Motivational Interviewing Transcript

Speaker 1: Watch what happens this time, when the provider queues into what the parent is saying, empathizes with her situation and attempts to work with the parent to find a solution that fits her needs.

Speaker 2: So, I wrote a prescription for antibiotics for Aiden.

Speaker 3: Okay.

Speaker 2: I did want to talk to you though, I'm a little bit concerned looking through his chart at how many ear infections he's had recently. I noticed that you had checked the box that someone's smoking in the home. I was wondering if you can tell me a little more about that.

Speaker 3: Well, it's just me and him, and I do smoke. I try really hard not to smoke around him. But, I've been smoking for 10 years except when I was pregnant with him, but everything…it's so stressful being a single mom and having a full time job. So it's just…that's why I started smoking again.

Speaker 2: You have a lot of things going on and smoking's kind of a way to relax and de-stress.

Speaker 3: Yes. Yeah. Some people have a glass of wine, I have a cigarette.

Speaker 2: Sure. It sounds like you're trying not to smoke around him. Why'd you make that decision?

Speaker 3: I know it's not good for him. I mean, I've read those things about ear infections, and asthma and stuff. But other kids have ear infections and their parents don't smoke.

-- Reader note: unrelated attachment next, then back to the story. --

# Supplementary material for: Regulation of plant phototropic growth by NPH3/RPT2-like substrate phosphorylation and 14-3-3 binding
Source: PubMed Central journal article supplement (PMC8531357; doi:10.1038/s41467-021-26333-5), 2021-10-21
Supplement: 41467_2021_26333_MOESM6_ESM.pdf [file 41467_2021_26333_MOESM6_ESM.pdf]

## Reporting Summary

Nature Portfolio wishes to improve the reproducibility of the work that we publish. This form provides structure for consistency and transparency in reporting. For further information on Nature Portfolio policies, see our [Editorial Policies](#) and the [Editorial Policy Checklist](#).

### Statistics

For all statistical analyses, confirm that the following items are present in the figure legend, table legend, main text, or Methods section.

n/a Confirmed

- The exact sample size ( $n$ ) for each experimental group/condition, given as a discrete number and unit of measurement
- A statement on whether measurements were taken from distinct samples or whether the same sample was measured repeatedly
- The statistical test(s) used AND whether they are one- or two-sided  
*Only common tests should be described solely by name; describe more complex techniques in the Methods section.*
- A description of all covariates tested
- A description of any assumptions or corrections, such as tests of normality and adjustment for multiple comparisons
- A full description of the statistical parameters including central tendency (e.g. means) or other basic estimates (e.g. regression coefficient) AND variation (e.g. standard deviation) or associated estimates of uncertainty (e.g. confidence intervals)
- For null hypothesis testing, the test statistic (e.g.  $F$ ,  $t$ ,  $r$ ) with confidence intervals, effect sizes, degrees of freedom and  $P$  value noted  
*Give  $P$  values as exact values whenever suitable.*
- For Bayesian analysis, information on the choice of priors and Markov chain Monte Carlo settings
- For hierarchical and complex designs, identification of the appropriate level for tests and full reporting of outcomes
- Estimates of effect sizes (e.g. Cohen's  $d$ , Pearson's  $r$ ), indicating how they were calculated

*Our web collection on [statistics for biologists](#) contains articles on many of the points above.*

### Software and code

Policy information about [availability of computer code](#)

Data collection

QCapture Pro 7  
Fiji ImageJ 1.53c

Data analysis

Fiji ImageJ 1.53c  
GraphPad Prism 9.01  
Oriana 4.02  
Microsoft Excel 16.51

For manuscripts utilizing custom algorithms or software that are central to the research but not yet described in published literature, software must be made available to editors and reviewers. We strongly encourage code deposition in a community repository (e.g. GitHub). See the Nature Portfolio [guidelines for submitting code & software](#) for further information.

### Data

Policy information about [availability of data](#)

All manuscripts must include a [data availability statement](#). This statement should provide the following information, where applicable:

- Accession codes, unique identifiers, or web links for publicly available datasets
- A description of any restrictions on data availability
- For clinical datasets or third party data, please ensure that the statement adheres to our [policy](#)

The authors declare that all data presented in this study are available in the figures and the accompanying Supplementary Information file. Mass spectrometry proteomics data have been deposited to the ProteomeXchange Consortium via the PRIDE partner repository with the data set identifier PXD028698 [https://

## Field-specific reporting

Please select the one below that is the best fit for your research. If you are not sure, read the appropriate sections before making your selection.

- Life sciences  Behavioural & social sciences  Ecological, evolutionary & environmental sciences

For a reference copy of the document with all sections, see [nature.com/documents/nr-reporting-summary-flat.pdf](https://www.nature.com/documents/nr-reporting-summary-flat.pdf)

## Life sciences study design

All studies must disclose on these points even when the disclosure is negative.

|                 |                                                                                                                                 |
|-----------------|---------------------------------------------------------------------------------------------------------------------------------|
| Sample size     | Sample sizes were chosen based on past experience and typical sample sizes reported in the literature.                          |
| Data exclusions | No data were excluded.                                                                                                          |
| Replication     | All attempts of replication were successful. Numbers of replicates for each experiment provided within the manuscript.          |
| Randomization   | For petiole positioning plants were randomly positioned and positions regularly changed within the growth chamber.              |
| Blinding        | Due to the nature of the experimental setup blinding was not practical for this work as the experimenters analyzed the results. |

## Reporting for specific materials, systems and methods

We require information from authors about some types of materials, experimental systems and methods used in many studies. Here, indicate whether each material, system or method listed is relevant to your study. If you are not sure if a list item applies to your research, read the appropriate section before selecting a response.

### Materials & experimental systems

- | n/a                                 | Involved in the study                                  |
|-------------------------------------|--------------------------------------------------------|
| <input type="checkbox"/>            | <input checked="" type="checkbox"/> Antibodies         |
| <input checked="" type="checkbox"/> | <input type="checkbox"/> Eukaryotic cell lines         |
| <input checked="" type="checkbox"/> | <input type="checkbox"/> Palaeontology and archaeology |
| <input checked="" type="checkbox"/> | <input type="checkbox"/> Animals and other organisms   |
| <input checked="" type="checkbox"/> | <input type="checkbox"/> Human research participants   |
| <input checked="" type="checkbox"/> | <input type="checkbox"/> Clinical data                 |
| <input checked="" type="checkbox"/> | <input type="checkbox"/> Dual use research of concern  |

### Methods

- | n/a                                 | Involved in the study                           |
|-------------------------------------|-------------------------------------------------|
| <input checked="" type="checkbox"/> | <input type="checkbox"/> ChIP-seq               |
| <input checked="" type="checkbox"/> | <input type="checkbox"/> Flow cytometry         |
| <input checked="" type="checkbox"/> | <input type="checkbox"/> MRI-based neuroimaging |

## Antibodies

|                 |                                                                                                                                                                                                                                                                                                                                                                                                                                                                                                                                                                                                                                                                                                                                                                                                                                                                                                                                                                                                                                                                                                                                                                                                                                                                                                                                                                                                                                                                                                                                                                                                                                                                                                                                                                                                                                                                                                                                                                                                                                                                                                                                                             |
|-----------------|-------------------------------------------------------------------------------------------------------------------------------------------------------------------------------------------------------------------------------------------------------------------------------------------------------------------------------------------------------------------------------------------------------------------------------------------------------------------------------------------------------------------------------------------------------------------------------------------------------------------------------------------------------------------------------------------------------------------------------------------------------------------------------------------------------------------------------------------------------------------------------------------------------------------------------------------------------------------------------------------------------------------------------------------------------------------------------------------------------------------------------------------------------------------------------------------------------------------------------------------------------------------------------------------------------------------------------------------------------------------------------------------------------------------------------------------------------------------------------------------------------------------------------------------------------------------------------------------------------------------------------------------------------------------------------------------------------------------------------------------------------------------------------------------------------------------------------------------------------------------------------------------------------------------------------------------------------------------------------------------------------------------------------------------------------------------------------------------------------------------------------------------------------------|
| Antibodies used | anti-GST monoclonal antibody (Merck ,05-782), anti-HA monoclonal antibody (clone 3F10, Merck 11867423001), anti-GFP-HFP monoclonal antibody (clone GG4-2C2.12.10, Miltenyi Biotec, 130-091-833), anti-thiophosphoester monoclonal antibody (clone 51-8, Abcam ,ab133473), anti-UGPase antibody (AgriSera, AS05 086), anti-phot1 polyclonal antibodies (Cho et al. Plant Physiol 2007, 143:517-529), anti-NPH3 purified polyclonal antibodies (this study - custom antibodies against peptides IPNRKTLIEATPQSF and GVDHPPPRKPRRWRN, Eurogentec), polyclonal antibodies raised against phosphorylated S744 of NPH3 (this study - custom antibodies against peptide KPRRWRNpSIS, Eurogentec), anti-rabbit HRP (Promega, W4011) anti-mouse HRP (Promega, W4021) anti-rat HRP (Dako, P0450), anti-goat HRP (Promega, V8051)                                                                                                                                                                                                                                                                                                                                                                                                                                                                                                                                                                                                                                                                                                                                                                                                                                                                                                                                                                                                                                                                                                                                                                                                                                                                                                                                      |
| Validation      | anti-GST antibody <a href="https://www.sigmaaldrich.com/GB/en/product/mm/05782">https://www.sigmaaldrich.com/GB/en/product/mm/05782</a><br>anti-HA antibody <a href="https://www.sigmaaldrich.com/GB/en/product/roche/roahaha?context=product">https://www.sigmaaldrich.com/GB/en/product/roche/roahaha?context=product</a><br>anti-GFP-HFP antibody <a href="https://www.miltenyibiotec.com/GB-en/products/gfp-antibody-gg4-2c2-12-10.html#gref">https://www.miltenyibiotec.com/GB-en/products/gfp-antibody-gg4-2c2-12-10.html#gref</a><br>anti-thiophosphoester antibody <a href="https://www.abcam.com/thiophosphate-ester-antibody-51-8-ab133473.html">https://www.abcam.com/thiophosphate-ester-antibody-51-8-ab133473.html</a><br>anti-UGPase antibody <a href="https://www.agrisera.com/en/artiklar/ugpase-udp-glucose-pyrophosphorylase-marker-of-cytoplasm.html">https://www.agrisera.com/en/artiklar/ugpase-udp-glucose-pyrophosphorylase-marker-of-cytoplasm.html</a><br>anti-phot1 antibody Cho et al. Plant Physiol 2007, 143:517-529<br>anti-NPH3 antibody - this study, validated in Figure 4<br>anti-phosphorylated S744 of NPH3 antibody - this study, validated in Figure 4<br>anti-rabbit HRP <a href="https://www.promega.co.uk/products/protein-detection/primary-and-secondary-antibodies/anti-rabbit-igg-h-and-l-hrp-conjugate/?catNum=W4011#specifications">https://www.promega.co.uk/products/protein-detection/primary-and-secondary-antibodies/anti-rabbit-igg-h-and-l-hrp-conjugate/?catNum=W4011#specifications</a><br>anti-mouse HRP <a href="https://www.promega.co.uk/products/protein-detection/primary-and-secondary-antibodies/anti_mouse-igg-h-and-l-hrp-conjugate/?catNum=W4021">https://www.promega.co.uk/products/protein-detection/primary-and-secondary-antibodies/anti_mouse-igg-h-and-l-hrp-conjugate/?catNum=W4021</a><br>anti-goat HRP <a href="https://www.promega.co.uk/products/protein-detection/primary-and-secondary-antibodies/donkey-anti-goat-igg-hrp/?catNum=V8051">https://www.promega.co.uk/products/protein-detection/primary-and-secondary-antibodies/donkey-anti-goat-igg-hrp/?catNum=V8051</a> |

Speaker 2: So, on the one hand you're worried about how your smoking might be affecting him, and on the other hand, you're not so sure if it's really the smoking that's causing these problems.

Speaker 3: Right, yeah. I mean he doesn't have asthma. He hasn't had a lot of other problems that his other friends have. I've thought about quitting before in the past, but, I just don't see how it's possible right now.

Speaker 2: What made you decide to quit smoking when you were pregnant?

Speaker 3: Well, he was inside me, and we were sharing everything. I knew that he would get some of that, and I just didn't think I could live with myself if something happened to him.

Speaker 2: Right now though it feels almost too difficult to even manage, or even to try.

Speaker 3: Yeah. Exactly.

Speaker 2: How were you successful when you quit before?

Speaker 3: I don't know. I think about it now, I don't even know how I did it. I just did it. I just couldn't imagine him not being born, or going into labor early, and him having problems and stuff like that. All the stuff that they talk about with women who smoke. That was just enough to say, "Okay, you know what? I'm not going to risk that."

Speaker 2: Mm-hmm (affirmative). The risks were so scary then, that you were able to stop, but they don't feel as scary to you now.

Speaker 3: No, I mean, we're two separate people. And like I said, I try really hard not to smoke around him. I'm pretty good about that. I don't let other people smoke around him.

Speaker 2: You're doing the best you can do.

Speaker 3: Yes.

Speaker 2: Okay, but it sounds to me to, like, part of you really does want to quit.

Speaker 3: Yeah, I know that I need to. Every new year, I say, "Okay, this year, I'm going to quit smoking," but then something happens and it just doesn't and quitting doesn't happen—

Speaker 2: It's on your to-do list, it's just not making it to the top.

Speaker 3: Yeah.